A young person graduates from college where he has lived and studied for some years; perhaps he is released from the Army after several years of training and service in unfamiliar cities and amid strange people. The young person has gained knowledge and experience; he has come in contact with many youths who also were seeking to find out what the world was all about, what people had thought and accomplished in past centuries and what seemed to be the job ahead for their own generation. The young person has discovered to some degree how he has behaved when encountering strangers, young and old; how he has met the tests of study and of friendship, of academic examinations under pressure, of life in fraternities and of rather hectic excursions into the dark borderland of those jungles, our big cities.
He has indeed encompassed a great deal of, to him, new material; he has accumulated knowledge and memories, techniques and personal hurts, fears, blockages and complexes. He is aware of what he likes or dislikes, though this awareness is often rather vague and uncertain. Now, however, he is "free" in a world which has very little concern about him and which may well appear confused and chaotic. He is "free" to do what he chooses. But how is he going to choose? On what basis can he make his decisions and selections? To what purpose will he use his newly acquired knowledge? Obviously, a new step must be taken; but what should be this next step?
As a rule, whenever possible, the young person goes home. But usually this going back home after a more or less extended period of adventuring and of learning "the ways of the world" is not a very deliberate gesture charged with profound individual significance. It is just the thing to do; we do it as a matter of convenience and custom and because our instinctive and natural feelings are involved and lead us back to our folks.
There are many cases also in which the young man, quite consciously and deliberately, feels the need of going back to his life roots and investigating, kindly but critically, the beliefs, the ideals, the patterns of everyday behavior which, in his childhood, he took for granted, never even thinking of questioning their validity; now he is determined to question this validity.
There are instances also when the youth feels sick and weary and wants to nurse for a time his physical, emotional or moral wounds; in other cases, he is totally confused and hurt to the quick; he can think of nothing except recovering his early childhood faith and identifying himself once more completely with the traditions and way of life of his ancestors.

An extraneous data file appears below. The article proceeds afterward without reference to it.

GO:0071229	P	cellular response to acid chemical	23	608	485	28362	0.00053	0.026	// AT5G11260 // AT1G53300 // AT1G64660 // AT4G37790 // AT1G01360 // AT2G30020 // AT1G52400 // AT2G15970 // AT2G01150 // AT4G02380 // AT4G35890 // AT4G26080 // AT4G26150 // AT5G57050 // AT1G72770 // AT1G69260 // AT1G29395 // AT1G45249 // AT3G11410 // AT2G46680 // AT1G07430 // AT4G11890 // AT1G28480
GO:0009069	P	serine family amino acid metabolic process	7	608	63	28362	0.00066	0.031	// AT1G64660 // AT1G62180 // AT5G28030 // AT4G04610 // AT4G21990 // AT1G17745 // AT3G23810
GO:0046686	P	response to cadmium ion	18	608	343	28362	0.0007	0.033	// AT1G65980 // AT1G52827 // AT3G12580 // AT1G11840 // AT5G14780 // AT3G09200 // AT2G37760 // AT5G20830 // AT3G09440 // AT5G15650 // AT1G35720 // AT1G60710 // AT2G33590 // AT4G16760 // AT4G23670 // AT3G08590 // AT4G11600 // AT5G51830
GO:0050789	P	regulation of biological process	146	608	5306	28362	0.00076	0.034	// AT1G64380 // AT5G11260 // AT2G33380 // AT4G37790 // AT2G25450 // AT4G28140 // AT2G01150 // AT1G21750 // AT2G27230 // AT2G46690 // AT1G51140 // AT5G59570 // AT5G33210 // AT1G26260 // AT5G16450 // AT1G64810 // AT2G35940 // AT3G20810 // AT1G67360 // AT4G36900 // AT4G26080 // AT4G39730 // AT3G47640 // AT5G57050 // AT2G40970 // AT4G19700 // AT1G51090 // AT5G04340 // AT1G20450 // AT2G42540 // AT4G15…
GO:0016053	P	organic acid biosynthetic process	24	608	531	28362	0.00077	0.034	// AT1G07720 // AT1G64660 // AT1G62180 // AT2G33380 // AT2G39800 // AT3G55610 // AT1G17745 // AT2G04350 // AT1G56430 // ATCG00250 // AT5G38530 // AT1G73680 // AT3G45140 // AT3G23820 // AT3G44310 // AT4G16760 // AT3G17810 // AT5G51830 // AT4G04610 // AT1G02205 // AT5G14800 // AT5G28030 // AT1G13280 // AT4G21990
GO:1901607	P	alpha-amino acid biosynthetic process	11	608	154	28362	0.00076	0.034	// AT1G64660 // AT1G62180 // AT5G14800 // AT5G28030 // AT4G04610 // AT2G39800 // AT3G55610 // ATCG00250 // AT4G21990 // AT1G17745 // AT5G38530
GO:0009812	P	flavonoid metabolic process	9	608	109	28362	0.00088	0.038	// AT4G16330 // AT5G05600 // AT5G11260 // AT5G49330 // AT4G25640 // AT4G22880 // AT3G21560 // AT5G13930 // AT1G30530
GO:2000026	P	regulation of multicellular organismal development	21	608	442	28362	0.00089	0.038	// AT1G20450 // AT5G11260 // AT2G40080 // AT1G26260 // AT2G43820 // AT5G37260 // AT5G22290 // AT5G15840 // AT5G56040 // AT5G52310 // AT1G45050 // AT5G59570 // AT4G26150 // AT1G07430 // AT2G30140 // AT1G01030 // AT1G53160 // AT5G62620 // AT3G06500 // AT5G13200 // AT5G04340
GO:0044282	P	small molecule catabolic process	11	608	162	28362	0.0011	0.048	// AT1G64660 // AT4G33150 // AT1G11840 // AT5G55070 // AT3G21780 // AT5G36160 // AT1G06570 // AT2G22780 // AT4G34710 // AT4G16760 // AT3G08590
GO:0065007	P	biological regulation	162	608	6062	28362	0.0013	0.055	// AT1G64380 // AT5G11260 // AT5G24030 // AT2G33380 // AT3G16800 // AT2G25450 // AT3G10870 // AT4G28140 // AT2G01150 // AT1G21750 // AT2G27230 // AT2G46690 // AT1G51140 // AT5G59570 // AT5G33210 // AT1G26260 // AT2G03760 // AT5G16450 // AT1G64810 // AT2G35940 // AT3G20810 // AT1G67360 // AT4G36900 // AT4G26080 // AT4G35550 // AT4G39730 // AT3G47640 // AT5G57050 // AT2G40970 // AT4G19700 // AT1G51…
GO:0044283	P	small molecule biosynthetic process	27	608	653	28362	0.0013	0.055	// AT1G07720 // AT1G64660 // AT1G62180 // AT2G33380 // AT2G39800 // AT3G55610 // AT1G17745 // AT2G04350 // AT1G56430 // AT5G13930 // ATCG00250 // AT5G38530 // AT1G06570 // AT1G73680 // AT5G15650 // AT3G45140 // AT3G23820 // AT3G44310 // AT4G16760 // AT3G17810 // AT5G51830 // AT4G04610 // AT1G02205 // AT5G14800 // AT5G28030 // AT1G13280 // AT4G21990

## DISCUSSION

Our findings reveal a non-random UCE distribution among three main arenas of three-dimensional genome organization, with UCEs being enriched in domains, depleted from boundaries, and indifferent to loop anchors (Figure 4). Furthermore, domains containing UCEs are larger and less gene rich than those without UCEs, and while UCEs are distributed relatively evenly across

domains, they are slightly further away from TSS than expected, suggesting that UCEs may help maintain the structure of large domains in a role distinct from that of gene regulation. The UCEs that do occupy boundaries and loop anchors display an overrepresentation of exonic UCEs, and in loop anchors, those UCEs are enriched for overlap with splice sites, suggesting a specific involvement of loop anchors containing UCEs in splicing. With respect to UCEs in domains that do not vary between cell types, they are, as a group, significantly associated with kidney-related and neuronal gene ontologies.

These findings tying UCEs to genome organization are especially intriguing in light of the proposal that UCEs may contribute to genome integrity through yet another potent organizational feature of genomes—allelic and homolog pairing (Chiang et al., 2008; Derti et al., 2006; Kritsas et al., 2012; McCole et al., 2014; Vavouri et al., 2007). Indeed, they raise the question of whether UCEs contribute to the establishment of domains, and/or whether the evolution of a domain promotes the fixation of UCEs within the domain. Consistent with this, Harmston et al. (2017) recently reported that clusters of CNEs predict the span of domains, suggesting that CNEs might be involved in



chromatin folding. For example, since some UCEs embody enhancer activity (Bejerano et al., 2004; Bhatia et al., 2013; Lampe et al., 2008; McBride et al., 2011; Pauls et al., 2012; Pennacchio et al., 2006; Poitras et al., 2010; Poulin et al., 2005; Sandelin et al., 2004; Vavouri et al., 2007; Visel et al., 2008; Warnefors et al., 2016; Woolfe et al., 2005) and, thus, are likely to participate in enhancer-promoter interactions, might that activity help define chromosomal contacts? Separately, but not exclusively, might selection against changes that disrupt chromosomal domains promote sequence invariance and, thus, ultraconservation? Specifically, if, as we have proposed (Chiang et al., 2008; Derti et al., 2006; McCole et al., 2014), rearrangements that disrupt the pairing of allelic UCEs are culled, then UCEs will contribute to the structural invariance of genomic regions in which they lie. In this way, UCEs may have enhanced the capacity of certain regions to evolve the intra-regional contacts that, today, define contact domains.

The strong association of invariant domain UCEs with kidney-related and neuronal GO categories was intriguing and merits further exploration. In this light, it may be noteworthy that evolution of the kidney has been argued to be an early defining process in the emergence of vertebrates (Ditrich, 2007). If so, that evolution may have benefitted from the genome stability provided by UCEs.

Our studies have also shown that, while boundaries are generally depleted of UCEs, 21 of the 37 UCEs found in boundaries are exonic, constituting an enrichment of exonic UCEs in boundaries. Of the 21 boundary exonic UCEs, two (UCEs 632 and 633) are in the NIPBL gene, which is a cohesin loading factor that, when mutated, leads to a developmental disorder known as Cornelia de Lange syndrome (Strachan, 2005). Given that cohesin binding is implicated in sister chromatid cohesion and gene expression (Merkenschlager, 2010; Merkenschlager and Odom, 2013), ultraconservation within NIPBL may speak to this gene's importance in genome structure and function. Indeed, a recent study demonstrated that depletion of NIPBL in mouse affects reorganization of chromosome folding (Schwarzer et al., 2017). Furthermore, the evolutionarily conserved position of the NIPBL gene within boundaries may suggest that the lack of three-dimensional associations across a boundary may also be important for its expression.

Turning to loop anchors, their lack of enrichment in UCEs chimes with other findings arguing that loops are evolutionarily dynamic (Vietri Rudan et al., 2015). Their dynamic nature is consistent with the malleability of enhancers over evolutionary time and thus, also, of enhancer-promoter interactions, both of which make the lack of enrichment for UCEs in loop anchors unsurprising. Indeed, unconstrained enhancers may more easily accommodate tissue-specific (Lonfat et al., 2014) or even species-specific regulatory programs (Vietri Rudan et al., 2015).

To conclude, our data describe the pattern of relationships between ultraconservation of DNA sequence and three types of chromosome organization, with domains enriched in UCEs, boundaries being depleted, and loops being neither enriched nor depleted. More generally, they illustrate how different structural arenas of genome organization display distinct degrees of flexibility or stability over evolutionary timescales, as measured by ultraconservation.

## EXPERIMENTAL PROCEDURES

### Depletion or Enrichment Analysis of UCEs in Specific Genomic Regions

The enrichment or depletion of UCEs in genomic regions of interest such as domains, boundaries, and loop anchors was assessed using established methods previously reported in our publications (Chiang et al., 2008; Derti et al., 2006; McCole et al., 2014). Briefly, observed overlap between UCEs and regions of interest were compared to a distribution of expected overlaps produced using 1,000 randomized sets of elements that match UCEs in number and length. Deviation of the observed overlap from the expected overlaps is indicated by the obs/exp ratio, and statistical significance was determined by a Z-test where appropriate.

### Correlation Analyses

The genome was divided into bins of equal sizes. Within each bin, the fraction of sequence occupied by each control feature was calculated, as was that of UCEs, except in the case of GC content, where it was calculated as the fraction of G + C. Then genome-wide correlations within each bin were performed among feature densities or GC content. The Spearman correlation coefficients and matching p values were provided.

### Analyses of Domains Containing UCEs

The "return home" is not only something which happens at the end of college years or military service. It is an ever-present fact of our inner life and a challenge to our ego. Let us say that we experience something new; we go, into it impulsively; we risk in the fray what we have and our very strength; we are hurt or elated — and through it all we either learn new and valuable lessons or we shrink back, hurt and defeated. Then comes the question: What next, little man? The next thing to do is either to go back to that which is the very foundation of one's sense of security and strength and tap once more the power and vitality of our own roots or to establish, on the basis of what we have learned and experienced, a new sense of power and of inner security.
In either alternative, we are seeking to evaluate what we have discovered; to find where it fits; to "place" it in relation to something that we consider sound, solid and stable. We can do it in a rather automatic and instinctive manner by comparing the new facts with those things which, at home and in our childhood, we have taken for granted as being truly worth while. But we may also have seen our ideas of value, our sense of like or dislike so extended or changed by what we have experienced away from home that we do not want any longer to judge according to what our ancestral tradition tells us is right or wrong.
As I use the word "home", I do not mean only the physical, or even parental, aspect of the usual home. I am speaking of whatever has given us our first feeling of stability, the feeling that we "belong" to something fundamental and vital, something with a past and a future, something that has roots and is to us also a life-giving root. Every person needs this feeling of stability. No one can really understand or give value to the many events occurring around him and to the varied encounters with people who pass and go unless he can refer them to something that is stable, a mentally significant, and emotionally satisfying "frame of reference". The question is: Where do we find it?